The Bedouin hospitality of brewing, serving and drinking “gahwa” (Arabic coffee) is an experience in itself – cool and enthralling like the beaming crescent that rises up above the world and showers blessings on all earthlings.
As I sit sipping my gahwa this Ramadan season, it narrates to me a tale that takes the tradition back to almost 12 centuries, attributing it to goat herder Khalid who invented this drink, which is part and parcel of Arab life today.
The story goes thus: Khalid, tending to his goats one day, noticed that while the afternoon sun made him drowsy, his flock leaped joyously after nibbling at the berries of an evergreen bush nearby. The creative goat herder plucked a few of those berries, ground and boiled them. And thus gahwa was born.
Well, ask me how it tastes, I would say bland – but I believe once used to the habit, gahwa lives up to the root meaning of the word – blandus – mild, smooth, flattering, alluring…
Serving gahwa is an art – the ritual that starts from roasting the coffee beans, cooked and cooled, ground and pound, until it is poured into the gahwa cups from the della (pots). The process with all its noisy activities is music and the host expects the guests to appreciate it, while sniffing in the aroma of spices like cardamom and saffron.
The host takes the privilege of serving the guests in person, with many following strict etiquette even today, like tasting it before serving, most important to be served first (age / rank), while customs have given way to imitate the West in following ‘ladies first’, of late.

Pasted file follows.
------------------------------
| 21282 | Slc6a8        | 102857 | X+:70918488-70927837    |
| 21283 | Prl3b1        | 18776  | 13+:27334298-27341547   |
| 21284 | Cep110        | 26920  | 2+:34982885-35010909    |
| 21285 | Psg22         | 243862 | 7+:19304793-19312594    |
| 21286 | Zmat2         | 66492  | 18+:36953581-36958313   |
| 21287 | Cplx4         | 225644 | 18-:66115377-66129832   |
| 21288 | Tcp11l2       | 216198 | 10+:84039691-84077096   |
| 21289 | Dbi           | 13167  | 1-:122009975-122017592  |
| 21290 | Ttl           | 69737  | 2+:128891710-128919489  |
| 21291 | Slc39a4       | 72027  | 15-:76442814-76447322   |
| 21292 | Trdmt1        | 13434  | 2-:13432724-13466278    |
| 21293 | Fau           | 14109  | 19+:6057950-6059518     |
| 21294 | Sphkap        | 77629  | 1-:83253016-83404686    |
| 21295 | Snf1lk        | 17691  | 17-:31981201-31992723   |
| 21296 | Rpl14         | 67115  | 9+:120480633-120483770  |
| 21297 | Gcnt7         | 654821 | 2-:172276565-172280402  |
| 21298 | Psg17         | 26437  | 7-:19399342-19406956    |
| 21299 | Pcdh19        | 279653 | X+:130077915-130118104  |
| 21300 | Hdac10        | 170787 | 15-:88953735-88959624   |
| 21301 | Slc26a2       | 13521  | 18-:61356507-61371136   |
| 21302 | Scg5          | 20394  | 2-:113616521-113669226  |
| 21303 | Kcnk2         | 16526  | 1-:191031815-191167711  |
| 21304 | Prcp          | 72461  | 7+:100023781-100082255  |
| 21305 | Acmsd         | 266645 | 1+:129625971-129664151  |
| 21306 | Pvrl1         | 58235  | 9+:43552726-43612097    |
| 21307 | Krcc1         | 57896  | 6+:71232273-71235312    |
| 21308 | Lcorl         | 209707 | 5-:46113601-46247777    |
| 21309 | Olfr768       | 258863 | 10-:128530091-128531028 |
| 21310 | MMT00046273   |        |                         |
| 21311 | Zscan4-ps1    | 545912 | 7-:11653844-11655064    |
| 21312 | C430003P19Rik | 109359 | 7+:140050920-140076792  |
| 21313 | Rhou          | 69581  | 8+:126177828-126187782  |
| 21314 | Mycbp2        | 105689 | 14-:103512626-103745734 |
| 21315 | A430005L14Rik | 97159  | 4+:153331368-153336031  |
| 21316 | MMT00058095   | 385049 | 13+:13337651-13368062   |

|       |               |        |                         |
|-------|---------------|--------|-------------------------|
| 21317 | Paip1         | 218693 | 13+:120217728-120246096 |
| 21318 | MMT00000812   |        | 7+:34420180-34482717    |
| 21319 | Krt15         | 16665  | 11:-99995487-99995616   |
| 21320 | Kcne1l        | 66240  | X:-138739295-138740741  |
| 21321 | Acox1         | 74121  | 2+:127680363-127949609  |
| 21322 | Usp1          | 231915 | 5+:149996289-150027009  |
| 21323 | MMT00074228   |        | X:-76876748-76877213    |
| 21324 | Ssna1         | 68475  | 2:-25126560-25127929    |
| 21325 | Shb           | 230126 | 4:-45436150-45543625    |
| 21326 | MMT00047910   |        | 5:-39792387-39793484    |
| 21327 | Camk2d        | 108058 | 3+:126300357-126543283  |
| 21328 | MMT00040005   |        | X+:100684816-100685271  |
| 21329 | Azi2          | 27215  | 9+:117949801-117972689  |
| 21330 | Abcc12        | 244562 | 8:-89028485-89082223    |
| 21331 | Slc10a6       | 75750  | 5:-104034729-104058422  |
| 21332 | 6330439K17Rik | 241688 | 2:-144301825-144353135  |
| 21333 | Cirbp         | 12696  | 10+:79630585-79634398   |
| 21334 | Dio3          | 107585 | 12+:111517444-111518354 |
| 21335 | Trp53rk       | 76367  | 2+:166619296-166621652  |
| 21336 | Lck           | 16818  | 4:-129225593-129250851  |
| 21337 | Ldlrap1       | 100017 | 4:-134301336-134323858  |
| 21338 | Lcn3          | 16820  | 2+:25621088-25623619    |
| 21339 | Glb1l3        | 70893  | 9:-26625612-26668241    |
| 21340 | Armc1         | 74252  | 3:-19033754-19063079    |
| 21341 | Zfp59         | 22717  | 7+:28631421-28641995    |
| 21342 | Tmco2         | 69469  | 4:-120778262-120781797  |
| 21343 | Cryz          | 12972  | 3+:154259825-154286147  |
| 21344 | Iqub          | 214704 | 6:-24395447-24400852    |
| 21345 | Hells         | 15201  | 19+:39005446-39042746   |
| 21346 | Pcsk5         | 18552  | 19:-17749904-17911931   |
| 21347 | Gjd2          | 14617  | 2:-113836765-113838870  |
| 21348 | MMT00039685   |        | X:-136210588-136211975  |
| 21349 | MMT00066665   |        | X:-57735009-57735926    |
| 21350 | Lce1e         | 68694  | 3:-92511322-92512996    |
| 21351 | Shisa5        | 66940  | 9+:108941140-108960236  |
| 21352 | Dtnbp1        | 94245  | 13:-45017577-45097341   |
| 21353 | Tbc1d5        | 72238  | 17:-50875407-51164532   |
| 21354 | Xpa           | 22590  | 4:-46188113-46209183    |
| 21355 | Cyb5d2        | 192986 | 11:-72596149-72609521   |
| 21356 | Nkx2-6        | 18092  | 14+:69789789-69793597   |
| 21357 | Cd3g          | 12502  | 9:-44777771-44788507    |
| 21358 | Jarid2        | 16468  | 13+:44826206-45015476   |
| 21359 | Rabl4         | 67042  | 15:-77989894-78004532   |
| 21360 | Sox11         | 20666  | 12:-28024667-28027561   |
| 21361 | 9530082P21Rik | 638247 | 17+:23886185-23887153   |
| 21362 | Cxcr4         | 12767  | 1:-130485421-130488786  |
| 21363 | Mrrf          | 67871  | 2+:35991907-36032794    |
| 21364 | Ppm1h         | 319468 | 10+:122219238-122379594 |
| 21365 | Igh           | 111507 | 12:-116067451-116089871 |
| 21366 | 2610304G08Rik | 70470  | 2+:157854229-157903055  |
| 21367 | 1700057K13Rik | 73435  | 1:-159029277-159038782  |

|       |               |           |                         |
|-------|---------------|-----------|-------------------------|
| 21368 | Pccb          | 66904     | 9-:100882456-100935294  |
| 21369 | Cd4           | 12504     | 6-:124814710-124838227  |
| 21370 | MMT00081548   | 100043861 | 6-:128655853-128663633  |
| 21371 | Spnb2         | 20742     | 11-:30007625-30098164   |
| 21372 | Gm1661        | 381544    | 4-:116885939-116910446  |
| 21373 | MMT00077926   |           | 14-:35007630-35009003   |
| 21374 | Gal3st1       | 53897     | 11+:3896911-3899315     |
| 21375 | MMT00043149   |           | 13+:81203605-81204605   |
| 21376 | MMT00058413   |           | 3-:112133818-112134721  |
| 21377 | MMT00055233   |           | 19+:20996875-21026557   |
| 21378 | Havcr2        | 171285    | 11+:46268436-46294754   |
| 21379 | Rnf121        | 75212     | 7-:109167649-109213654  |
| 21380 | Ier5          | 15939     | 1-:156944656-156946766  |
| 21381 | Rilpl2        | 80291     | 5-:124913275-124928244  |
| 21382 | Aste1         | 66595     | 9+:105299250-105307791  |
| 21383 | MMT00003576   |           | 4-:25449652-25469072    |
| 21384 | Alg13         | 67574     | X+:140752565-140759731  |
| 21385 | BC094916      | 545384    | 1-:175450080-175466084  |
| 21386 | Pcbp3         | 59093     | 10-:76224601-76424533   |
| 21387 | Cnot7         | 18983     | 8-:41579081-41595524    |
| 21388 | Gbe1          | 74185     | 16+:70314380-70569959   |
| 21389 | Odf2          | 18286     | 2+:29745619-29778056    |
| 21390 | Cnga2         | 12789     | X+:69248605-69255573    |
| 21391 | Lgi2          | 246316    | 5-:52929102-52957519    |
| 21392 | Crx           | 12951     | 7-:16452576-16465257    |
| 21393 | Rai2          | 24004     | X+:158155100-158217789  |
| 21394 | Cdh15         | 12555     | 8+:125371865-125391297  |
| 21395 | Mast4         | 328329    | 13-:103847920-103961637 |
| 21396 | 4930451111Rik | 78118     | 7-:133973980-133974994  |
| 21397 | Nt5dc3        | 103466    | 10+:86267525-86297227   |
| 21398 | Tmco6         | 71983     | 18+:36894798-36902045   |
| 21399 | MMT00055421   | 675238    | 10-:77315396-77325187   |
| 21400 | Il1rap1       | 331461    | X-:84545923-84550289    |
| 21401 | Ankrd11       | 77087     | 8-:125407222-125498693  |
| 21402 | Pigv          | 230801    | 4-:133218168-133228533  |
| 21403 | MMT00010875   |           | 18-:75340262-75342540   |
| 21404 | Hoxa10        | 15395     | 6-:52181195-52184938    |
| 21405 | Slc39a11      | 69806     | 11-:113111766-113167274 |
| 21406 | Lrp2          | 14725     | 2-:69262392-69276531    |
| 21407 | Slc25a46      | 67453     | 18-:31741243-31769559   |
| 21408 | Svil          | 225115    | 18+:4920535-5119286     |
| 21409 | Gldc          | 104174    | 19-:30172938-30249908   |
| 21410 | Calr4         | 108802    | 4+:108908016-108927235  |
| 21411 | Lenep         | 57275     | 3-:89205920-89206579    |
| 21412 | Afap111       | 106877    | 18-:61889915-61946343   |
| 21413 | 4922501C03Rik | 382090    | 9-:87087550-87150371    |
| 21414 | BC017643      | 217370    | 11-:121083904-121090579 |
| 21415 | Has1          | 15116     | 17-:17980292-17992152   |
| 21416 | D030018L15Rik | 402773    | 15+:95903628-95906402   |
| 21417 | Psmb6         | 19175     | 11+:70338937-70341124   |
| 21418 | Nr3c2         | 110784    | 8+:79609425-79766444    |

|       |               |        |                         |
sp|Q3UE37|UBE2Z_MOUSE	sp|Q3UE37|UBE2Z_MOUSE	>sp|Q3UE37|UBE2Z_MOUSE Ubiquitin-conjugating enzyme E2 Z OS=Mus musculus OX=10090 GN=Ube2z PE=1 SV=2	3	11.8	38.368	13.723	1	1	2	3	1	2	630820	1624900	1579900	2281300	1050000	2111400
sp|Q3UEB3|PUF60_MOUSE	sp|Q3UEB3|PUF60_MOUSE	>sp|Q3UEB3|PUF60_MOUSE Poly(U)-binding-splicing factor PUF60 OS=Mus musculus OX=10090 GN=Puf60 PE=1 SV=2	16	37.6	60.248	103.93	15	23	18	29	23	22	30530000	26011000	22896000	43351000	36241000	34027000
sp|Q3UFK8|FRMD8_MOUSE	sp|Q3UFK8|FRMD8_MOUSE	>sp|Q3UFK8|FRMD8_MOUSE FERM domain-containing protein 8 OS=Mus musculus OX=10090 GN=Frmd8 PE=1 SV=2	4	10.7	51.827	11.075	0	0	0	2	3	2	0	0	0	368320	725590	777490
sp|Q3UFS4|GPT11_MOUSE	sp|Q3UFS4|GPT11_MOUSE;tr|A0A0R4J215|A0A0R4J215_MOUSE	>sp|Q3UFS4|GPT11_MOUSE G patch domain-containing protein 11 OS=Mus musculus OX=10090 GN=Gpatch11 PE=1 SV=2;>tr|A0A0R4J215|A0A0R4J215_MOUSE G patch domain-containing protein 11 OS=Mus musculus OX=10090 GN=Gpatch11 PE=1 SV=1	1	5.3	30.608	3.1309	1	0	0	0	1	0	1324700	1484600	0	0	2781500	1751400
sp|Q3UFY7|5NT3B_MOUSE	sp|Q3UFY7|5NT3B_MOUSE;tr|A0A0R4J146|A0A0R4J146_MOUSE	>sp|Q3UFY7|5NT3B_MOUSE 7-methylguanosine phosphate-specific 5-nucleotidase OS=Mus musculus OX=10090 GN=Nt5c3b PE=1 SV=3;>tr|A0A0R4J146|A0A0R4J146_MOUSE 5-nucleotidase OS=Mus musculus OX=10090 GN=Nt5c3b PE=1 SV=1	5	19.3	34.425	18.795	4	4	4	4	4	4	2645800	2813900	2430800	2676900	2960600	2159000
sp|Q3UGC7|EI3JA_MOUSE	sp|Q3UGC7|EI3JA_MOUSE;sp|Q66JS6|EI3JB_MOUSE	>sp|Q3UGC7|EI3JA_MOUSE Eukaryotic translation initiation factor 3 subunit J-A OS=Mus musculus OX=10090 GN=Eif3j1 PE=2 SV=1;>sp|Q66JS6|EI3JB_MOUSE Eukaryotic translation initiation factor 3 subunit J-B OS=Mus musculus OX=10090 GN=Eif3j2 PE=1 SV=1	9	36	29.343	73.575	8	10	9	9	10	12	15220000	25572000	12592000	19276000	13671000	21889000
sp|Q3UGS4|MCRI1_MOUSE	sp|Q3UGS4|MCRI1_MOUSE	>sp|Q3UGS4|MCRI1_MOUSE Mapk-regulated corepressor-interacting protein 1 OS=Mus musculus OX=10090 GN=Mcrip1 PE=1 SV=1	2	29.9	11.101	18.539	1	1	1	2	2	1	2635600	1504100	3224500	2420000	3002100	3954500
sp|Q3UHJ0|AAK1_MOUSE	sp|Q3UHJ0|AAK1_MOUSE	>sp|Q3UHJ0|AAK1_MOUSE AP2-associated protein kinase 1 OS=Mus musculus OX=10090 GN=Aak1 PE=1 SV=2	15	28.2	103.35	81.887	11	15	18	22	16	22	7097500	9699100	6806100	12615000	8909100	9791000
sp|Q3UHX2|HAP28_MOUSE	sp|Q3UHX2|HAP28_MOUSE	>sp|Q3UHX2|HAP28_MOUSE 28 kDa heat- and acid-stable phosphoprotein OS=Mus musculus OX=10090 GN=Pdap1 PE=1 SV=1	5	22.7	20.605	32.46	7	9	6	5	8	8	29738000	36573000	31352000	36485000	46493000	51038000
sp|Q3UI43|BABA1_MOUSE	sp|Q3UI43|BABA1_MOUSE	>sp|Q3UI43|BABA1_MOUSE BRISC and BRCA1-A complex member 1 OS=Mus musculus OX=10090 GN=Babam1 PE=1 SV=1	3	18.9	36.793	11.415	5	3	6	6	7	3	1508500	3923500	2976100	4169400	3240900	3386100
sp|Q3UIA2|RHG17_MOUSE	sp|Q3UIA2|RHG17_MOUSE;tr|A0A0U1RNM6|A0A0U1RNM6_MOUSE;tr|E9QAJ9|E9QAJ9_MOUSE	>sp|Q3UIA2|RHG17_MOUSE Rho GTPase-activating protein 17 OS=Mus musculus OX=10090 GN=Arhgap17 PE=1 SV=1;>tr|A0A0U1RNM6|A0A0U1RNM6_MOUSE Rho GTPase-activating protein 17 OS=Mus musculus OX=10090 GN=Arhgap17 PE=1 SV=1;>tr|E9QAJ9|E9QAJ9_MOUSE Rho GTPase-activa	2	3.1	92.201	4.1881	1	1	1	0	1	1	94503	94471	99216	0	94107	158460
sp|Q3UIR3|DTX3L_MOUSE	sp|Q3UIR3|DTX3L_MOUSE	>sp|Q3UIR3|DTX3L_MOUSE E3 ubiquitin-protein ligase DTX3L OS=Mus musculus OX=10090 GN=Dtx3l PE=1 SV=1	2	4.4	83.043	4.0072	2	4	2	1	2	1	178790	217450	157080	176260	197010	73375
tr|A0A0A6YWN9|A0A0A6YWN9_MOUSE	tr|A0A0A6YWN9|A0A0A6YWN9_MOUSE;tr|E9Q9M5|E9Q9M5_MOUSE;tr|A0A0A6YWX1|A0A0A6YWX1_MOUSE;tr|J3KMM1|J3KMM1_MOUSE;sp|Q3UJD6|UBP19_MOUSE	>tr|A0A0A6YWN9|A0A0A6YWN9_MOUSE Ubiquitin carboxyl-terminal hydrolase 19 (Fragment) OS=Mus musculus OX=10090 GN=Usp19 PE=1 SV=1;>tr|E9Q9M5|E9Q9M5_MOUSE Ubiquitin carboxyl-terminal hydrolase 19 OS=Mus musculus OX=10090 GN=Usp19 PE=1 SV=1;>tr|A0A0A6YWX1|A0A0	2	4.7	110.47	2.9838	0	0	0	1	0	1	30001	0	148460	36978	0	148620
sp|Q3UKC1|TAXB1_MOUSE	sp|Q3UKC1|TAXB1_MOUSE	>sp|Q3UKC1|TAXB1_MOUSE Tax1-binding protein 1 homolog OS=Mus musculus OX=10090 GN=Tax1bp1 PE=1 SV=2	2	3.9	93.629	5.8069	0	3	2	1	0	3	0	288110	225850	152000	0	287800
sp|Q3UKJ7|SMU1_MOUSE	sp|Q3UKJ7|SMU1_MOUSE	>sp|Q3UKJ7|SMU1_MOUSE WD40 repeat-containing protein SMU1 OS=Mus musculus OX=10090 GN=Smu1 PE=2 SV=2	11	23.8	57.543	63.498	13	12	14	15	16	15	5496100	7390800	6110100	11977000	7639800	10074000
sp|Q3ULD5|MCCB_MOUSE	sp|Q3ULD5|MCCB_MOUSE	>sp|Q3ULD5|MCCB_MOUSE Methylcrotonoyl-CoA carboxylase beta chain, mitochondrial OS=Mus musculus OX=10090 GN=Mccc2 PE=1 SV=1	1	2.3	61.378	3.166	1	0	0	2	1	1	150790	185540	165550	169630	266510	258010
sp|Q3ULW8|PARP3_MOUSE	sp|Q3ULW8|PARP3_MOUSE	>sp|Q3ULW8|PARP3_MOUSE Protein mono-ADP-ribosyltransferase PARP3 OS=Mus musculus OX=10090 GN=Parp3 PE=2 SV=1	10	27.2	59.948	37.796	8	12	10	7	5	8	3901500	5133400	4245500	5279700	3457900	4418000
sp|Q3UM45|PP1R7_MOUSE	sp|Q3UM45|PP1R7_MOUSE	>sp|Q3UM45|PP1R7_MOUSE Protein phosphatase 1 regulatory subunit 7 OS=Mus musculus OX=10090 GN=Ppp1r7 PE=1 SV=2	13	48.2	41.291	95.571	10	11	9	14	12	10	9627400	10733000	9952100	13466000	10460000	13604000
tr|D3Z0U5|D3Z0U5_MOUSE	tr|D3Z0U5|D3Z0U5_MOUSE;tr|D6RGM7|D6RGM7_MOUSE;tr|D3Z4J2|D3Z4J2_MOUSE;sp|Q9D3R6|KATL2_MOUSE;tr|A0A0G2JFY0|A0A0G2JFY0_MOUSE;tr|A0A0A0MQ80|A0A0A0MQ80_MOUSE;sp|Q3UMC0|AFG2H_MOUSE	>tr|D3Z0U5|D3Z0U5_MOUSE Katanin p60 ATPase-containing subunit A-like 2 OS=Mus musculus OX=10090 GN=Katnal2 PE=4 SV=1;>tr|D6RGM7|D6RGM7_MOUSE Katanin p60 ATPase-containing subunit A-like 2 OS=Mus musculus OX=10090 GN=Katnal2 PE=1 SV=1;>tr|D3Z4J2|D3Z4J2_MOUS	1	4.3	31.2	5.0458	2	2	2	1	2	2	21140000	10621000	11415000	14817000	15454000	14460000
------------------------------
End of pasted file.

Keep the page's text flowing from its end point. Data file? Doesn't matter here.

The cute tiny China teacups are ever half filled and unlimited refill is on offer! It is impolite to refuse the first cup, even to the extent it is considered bad manners of insult, while it is the opposite to accept an odd number of cups, say one, three or five.
The charming part of the whole tradition, is the way one communicates that he/she is done and needs no more refills. One should “wiggle” the empty China, from side to side, to communicate to the host that he / she has had sufficient!
I find it a sweet way to say enough to a non-sweet beverage – no sugar is added to gahwa. The drink is not naturally sugar-rich, and the Arab soil’s very own fresh dates are offered to sweeten the palate between each sip of the drink.
Four sets of della, varying in size, are used to brew the gahwa. Mahmasa, the long handled and shallow pan, are used to roast the beans, which are the cooked and left to cool. Once cool, they are ground in a mahbash.
Tradition has it that ground coffee are kept in the largest della and water is added from the next della. This is then boiled over fire. Spices like cardamom seeds, and sometimes a pinch of saffron, are added and cooked in a third della. The boiling continues till the gahwa is ready to be poured into the fourth and smallest pot, from which it is served.
So, it is time to say “Ahlan Wa Sahlan” (welcome). Take a coffee break and the sip the wonderful hospitality of the Arab world. I’m sure you wouldn’t “wiggle” after just one cup!